By CHRISTINA NG (@ChristinaNg27) , ABBY PHILLIPS and CLAYTON SANDELL (@Clayton_Sandell), Nov. 7, 2012, ABC News
In a groundbreaking move, Colorado and Washington voters have passed referendums legalizing marijuana for recreational use. The drug is still banned under federal law.
Colorado's Proposition 64 to the state's constitution makes it legal for anyone over the age of 21 to possess marijuana and for businesses to sell it.
"The voters have spoken and we have to respect their will," Colorado Gov. John Hickenlooper said in a statement. "This will be a complicated process, but we intend to follow through. That said, federal law still says marijuana is an illegal drug so don't break out the Cheetos or gold fish too quickly."
Amendment 64 legalized marijuana for anyone over the age of 21 at certain retail stores. Proponents believed the bill could generate millions in revenue for the state government.
A similar measure on the ballot in Washington State legalizes small amounts of marijuana for people over 21.
Even though the issues have passed, they are likely to meet legal challenges very quickly.
In 2005, the Supreme Court struck down a California law that legalized medical marijuana in the state. The Court said Congress had the power to criminalize marijuana under the Commerce Clause.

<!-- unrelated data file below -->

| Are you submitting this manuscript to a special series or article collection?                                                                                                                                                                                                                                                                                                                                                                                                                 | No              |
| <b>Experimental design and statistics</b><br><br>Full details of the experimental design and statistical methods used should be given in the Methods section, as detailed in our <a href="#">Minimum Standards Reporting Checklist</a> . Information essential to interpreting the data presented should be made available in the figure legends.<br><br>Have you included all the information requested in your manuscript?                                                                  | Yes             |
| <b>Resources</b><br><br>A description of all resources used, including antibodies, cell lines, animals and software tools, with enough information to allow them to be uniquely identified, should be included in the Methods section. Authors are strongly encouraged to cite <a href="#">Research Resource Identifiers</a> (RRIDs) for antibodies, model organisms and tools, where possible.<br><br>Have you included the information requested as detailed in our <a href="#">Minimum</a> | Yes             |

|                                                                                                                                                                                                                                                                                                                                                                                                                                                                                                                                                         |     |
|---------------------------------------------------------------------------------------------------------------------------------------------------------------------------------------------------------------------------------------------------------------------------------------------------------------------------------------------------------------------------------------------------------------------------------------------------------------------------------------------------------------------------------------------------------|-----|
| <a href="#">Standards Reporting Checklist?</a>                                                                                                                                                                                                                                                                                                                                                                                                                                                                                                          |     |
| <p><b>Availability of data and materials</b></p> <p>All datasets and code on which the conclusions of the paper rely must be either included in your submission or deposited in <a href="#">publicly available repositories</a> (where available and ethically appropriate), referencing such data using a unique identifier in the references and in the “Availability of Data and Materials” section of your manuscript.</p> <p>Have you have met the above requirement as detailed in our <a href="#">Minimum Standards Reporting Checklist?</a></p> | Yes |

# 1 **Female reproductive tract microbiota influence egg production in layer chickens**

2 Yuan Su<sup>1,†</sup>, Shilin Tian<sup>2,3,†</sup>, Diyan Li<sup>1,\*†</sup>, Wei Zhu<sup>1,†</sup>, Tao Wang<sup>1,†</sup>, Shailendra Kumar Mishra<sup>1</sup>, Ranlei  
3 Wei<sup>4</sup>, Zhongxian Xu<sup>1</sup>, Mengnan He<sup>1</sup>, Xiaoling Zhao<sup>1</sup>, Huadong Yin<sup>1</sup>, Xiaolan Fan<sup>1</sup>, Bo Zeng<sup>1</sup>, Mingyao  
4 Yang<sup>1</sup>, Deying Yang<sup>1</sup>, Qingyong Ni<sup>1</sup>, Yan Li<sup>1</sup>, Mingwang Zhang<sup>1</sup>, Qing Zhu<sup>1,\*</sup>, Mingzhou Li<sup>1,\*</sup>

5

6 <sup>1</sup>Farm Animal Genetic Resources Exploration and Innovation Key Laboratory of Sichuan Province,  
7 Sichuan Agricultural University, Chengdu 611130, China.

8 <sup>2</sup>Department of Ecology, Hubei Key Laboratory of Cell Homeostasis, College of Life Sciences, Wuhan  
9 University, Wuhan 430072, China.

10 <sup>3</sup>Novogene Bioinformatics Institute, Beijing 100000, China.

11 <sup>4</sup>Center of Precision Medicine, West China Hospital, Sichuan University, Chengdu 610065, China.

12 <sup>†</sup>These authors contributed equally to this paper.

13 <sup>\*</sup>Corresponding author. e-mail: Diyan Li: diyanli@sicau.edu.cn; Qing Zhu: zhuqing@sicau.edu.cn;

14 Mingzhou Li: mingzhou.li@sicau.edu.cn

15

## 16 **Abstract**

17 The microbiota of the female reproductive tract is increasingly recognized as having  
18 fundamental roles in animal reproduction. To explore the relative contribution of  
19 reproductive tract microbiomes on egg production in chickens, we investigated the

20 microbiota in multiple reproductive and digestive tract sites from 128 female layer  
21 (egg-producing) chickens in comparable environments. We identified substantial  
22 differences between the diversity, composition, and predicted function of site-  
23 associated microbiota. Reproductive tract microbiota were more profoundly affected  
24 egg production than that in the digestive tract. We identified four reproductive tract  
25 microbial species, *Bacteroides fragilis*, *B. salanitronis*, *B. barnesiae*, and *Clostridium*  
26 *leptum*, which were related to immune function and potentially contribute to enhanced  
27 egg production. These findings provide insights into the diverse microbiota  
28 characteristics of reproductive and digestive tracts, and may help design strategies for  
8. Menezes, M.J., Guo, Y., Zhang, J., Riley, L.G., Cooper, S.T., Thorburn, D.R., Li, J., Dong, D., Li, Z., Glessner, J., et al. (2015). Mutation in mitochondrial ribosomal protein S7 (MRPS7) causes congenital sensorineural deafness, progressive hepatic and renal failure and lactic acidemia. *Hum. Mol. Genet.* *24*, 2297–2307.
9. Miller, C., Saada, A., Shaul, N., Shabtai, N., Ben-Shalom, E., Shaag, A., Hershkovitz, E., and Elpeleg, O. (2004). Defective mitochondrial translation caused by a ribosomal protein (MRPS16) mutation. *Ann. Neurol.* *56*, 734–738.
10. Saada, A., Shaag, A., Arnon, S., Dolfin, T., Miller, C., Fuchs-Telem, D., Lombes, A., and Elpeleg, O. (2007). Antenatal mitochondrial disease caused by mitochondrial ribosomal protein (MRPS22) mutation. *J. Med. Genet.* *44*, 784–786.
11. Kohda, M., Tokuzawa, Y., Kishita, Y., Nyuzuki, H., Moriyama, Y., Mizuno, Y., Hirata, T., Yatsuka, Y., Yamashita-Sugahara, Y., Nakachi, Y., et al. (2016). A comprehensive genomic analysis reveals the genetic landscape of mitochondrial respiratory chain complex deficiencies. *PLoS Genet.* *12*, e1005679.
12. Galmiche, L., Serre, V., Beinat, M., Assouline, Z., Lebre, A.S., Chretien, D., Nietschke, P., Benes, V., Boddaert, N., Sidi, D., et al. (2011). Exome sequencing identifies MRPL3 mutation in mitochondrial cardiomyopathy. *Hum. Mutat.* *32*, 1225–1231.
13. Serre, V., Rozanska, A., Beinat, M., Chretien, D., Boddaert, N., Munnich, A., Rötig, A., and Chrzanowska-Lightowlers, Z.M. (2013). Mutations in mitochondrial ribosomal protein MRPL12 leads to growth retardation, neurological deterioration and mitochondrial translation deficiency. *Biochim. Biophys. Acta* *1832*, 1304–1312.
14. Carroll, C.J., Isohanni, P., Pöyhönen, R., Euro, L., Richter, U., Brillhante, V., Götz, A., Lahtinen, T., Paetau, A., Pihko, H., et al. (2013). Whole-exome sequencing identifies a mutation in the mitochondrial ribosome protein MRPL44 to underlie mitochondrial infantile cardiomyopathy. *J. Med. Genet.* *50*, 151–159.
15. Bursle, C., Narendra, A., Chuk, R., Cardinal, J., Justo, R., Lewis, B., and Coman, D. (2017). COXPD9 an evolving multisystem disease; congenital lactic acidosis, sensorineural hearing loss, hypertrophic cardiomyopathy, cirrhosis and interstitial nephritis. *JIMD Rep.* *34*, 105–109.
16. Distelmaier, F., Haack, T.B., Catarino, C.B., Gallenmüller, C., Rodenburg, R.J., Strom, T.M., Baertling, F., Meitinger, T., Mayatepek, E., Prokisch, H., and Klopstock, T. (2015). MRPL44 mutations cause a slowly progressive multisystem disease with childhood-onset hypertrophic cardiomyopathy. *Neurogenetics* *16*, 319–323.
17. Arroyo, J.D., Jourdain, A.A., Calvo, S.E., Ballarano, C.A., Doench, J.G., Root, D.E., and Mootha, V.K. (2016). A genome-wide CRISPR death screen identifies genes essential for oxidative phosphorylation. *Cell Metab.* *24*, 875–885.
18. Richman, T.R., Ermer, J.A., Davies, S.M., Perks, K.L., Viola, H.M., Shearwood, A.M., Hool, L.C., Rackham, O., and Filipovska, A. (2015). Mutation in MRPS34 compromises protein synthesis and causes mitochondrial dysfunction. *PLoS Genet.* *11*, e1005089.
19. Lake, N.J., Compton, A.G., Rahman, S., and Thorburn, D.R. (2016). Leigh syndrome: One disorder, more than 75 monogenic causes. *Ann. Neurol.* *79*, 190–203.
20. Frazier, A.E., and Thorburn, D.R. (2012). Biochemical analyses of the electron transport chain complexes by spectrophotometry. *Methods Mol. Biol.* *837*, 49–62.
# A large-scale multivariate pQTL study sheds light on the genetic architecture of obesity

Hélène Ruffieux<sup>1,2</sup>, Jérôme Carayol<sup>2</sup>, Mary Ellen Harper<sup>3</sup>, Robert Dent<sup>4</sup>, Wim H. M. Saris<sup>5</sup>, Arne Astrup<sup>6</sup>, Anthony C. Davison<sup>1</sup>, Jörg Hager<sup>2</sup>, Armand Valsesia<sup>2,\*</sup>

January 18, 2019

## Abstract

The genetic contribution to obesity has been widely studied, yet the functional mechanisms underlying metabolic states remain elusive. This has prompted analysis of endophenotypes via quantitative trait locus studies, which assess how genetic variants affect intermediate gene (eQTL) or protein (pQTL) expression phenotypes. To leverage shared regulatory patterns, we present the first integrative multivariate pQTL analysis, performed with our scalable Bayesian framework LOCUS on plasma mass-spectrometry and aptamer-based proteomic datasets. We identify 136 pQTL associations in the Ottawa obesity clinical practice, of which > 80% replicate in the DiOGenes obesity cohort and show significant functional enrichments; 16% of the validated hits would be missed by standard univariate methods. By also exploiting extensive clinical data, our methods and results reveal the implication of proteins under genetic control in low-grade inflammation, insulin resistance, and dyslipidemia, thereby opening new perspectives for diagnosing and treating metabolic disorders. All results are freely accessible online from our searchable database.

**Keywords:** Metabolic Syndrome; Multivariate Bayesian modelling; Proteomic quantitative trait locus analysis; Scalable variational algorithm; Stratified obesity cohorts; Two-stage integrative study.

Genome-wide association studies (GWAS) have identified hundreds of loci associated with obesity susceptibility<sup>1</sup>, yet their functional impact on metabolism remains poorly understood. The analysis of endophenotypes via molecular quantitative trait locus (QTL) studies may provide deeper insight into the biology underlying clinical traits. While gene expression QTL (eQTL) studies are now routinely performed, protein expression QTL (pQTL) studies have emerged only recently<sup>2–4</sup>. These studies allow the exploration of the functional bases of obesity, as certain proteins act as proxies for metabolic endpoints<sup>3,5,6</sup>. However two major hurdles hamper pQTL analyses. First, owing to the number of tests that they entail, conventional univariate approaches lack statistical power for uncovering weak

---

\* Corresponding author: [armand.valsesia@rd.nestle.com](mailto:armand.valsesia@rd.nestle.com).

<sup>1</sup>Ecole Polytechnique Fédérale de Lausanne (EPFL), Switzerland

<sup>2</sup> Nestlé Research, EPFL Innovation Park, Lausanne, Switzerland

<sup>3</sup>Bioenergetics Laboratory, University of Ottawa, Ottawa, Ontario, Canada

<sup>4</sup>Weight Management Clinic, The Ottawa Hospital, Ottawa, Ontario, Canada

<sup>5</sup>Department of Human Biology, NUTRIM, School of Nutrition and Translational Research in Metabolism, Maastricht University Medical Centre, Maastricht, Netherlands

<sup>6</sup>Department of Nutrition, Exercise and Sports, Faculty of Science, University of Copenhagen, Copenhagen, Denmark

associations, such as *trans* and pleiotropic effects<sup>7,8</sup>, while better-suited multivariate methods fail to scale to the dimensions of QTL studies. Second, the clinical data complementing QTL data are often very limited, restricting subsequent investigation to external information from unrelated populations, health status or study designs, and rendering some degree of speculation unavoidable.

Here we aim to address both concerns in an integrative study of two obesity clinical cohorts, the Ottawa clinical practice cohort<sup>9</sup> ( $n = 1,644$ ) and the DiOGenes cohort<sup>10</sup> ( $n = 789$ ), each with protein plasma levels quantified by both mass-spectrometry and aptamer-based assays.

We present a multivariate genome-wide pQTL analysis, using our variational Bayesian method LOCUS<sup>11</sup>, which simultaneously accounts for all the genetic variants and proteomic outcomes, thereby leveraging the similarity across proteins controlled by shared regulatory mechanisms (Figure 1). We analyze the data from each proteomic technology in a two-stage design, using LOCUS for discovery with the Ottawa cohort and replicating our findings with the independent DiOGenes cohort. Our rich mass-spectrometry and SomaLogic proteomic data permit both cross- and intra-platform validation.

A similar ballot issue to legalize marijuana in Oregon did not pass.
In Massachusetts tonight, voters approved legislation to allow marijuana for medicinal reasons, joining 17 other states that allow it.
In addition to making a presidential pick, voters in states across the country voted on a number of polarizing issues including same-sex marriage and physician assisted suicide.
In another historical first, Maine became the first state to approve same-sex marriage by popular vote and Maryland voters also made the decision to allow same-sex marriage by referendum.
It was backed by Maryland Gov. Martin O'Malley, who is widely believed to be a potential presidential contender in 2016.
The outcome in Maine broke a 32-state streak, dating back to 1998, in which gay marriage had been rebuffed by every state that voted on it.
Dozens of state-wide ballot questions were posed to voters, and their implications could reverberate across state lines.
Additional reporting from ABC News' Terry Moran.